What screams I live in downtown Montreal

Writer Kim Thúy : Two worlds, one voice

Just now, on the way to an interview in a café in downtown Montréal, it happened again. “The taxi driver was in a bad mood and yelled at me about something,” says Kim Thúy after she sat down in a corner of the café. "I wanted to scream back, but just couldn't." Instead, she just laughed out loud. "At some point he couldn't help himself and had to laugh out loud." When the petite woman with the sparkling eyes said this, she burst out laughing again.

This is one of those Kim Thúy moments that many people in Canada tell you about, who have seen the bestselling author personally or on television and then about the joie de vivre rave about the joie de vivre that this woman spreads. The 50-year-old, who fled Saigon with her family after the conquest of South Vietnam by the communist North Vietnam and came to Québec, France as a boat refugee in the early 1980s, is not just a successful writer. She has worked as a translator, lawyer, presenter and restaurant operator and is a regular guest on Canadian talk shows.

The author recently published a cookbook

Above all, however, she personifies a positive success story that fits perfectly into the Canadian credo of multiculturalism and integration through achievement - and spreads an infectious optimism in her books as well as in personal encounters, which apparently has not been broken even by bad experiences. She has processed some of them in three autobiographically inspired novels, most recently in “The Many Names of Love”. She has also published a cookbook enriched with personal anecdotes, which has now been published in German: "The secret of Vietnamese cuisine."

All three novels, which Kim Thúy wrote in her new native language French, basically tell the same story in different variations in a series of short, often bittersweet episodes: A young girl has to leave her home in the turmoil of the Vietnam War and experiences traumatic things , but does not give in and ends up in Canada, where the strangeness gradually gives way to the feeling of having found a new home, even if the life between the cultures brings with it some challenges. The healing power of love - and that of cooking - play a special role in all three books.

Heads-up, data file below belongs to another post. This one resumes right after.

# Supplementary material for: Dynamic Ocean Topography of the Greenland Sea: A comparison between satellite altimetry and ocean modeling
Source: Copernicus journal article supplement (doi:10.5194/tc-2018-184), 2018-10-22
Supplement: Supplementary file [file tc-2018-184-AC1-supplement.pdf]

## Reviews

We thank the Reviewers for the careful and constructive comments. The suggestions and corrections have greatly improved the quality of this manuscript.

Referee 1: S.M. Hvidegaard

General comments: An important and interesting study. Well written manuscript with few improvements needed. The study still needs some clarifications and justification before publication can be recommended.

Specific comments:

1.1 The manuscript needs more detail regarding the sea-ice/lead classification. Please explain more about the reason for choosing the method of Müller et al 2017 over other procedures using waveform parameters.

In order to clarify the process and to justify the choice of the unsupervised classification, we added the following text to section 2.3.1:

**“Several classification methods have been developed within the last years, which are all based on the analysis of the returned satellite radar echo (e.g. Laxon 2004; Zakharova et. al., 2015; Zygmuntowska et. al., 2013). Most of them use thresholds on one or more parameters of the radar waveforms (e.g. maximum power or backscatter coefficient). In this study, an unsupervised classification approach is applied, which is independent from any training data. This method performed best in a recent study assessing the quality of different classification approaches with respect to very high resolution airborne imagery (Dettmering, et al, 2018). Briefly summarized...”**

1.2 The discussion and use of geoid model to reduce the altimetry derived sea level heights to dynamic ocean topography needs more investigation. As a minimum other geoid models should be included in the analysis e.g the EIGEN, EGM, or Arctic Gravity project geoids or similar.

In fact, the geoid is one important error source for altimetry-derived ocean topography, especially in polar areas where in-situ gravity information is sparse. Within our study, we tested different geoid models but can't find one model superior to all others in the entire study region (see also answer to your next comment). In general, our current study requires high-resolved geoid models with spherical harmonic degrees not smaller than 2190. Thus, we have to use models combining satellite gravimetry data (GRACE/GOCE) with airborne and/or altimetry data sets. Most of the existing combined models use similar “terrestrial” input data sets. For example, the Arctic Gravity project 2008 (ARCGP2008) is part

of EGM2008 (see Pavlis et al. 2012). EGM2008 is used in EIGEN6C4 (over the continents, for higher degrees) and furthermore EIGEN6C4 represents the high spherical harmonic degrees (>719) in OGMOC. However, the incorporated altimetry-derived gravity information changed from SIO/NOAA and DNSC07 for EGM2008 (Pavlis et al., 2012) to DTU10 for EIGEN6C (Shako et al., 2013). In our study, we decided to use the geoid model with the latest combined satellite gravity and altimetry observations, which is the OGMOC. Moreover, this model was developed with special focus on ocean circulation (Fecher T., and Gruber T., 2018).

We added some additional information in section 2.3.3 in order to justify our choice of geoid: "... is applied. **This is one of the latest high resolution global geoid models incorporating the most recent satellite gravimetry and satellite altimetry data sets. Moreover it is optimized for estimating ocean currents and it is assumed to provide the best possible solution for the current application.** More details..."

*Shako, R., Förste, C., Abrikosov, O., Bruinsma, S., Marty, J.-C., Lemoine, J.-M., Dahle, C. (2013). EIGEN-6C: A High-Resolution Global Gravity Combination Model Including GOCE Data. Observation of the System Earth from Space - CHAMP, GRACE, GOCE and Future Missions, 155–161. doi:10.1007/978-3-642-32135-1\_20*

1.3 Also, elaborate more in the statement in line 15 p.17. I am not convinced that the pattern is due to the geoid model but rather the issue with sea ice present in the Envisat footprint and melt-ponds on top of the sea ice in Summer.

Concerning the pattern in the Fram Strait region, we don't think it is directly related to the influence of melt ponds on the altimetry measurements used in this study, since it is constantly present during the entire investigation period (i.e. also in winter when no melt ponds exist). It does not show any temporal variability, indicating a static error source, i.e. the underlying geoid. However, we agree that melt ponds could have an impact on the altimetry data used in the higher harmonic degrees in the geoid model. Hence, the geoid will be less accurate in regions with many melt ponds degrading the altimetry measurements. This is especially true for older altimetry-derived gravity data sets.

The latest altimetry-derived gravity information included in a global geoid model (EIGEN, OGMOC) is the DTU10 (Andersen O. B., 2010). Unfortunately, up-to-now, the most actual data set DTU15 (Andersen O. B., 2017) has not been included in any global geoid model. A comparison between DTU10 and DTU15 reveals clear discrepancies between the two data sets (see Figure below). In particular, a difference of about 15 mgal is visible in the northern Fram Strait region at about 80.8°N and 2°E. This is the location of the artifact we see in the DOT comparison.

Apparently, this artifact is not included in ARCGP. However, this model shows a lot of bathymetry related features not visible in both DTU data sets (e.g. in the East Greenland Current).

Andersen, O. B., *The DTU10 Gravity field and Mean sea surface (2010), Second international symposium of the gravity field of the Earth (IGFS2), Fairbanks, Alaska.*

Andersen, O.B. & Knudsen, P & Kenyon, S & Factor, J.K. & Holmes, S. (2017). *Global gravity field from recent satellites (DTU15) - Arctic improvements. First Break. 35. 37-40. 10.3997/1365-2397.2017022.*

"I've taken a lot of liberties"

“I've taken a lot of liberties and put my story together with other people's experiences to tell legible stories,” says Kim Thúy. She carries many memories of her own that have shaped her stories: of the smells of her hometown Saigon, the taste of the food in her family, the clothes of women, the sound of tanks rattling through the streets.

“As a child, you perceive everything more intensely.” However, many of these memories are more sensual, with factual details or when it comes to dialogues, she cannot rely on her memory. That is one of the reasons why she wrote her books from the perspective of fictional first-person narrators. Her own story was similar to that of her main characters, but not as rich in dramatic twists and turns. “I could tell my autobiography on three pages.” In addition, she is not only interested in conveying her own career. "I hope that the success of my books will help create greater awareness of the situation of refugees."